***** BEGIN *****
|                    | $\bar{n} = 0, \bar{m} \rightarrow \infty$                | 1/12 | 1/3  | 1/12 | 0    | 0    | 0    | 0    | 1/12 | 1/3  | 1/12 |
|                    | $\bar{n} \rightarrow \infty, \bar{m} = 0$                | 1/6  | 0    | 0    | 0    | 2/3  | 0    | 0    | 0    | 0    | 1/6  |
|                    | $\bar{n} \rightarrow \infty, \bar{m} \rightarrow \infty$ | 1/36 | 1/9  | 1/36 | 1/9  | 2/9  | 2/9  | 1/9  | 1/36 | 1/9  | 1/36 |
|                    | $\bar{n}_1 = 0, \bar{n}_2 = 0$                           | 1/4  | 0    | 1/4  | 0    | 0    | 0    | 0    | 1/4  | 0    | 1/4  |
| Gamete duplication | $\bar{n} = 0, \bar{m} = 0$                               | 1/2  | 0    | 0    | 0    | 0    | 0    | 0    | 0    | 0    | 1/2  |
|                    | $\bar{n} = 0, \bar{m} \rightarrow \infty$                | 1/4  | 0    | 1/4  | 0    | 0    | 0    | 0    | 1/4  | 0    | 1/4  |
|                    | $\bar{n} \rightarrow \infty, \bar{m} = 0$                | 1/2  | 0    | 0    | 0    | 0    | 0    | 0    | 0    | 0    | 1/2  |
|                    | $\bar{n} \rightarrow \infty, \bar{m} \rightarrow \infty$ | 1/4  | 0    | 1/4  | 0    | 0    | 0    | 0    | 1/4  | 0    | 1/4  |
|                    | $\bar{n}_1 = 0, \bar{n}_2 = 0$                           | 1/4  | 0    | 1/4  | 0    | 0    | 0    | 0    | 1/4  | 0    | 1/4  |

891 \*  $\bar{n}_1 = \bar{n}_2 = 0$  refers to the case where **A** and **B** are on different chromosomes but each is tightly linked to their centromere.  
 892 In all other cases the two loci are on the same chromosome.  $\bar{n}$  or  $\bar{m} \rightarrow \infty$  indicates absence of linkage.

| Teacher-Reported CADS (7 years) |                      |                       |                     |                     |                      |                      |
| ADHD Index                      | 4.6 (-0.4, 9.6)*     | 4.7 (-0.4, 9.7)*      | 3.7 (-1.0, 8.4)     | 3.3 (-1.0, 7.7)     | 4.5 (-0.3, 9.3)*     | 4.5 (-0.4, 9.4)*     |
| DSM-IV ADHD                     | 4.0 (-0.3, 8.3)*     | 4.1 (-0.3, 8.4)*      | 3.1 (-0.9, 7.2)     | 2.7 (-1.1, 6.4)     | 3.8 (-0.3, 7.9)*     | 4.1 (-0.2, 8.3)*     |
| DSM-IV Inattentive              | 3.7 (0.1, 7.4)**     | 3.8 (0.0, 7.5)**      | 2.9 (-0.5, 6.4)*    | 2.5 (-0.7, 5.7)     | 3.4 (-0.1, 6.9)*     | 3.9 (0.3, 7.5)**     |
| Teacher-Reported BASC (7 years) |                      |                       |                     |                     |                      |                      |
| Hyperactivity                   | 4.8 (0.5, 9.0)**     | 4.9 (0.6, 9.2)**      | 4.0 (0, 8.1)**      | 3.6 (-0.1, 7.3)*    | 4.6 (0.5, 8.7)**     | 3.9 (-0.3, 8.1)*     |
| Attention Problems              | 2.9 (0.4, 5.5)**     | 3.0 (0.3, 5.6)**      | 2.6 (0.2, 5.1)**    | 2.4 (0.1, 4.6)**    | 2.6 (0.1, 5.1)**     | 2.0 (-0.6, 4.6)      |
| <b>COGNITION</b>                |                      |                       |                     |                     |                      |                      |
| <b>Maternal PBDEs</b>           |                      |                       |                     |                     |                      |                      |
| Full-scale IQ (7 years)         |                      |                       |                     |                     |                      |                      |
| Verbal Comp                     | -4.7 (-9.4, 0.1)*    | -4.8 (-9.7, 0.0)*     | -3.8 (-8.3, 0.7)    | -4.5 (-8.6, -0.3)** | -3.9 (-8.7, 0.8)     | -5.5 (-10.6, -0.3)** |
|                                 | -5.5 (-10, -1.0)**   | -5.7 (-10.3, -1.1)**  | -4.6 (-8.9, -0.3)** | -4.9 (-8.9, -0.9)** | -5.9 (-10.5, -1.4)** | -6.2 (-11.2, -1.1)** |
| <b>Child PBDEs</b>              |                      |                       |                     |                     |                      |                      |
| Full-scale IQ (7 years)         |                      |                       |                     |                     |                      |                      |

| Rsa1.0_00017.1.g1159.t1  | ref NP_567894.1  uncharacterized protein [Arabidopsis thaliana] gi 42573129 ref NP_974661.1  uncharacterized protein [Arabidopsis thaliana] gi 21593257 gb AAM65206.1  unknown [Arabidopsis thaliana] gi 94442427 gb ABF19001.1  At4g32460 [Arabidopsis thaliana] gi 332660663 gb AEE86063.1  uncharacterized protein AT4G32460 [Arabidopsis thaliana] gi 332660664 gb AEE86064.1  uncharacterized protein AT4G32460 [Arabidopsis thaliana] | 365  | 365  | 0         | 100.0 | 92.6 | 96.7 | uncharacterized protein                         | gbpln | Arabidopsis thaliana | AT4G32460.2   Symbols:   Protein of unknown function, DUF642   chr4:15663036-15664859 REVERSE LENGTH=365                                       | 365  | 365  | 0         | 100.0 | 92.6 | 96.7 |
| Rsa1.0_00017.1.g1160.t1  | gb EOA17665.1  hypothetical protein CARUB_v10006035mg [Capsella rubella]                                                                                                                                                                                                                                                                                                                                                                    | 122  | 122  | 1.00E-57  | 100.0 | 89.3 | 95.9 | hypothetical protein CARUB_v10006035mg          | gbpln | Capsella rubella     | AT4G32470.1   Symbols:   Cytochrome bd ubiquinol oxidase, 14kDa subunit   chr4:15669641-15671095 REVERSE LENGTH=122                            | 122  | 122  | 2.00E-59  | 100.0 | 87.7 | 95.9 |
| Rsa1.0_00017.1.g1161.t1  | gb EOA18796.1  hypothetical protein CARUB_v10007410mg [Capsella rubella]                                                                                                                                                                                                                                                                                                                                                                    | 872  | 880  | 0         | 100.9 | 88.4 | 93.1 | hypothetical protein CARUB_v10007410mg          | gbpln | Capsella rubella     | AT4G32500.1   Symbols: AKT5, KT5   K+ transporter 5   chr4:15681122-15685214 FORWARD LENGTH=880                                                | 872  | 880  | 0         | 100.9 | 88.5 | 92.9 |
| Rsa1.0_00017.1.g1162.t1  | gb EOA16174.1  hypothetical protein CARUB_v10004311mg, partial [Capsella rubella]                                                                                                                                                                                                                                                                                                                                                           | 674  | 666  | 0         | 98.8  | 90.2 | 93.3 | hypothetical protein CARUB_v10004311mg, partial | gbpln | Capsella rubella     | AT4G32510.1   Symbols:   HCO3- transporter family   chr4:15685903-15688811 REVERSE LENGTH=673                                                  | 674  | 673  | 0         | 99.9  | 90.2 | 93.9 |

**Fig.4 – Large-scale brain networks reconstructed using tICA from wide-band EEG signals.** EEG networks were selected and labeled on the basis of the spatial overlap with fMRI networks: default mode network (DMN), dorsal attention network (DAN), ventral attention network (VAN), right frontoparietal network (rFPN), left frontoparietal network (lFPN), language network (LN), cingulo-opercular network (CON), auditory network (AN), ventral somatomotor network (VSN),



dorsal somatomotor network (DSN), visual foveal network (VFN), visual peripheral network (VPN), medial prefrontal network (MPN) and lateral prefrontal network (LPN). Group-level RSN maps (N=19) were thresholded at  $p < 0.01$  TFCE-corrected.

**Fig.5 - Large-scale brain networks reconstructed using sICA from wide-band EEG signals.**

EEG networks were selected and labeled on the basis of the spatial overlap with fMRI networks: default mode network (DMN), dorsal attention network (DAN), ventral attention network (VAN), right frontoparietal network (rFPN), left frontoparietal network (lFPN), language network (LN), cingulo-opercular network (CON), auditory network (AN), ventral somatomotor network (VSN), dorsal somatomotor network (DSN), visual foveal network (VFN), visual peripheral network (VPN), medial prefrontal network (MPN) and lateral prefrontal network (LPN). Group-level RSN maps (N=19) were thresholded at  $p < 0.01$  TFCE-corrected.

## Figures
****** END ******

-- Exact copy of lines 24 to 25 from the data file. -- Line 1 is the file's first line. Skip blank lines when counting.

| <b>Child PBDEs</b>              |                      |                       |                     |                     |                      |                      |
| Full-scale IQ (7 years)         |                      |                       |                     |                     |                      |                      |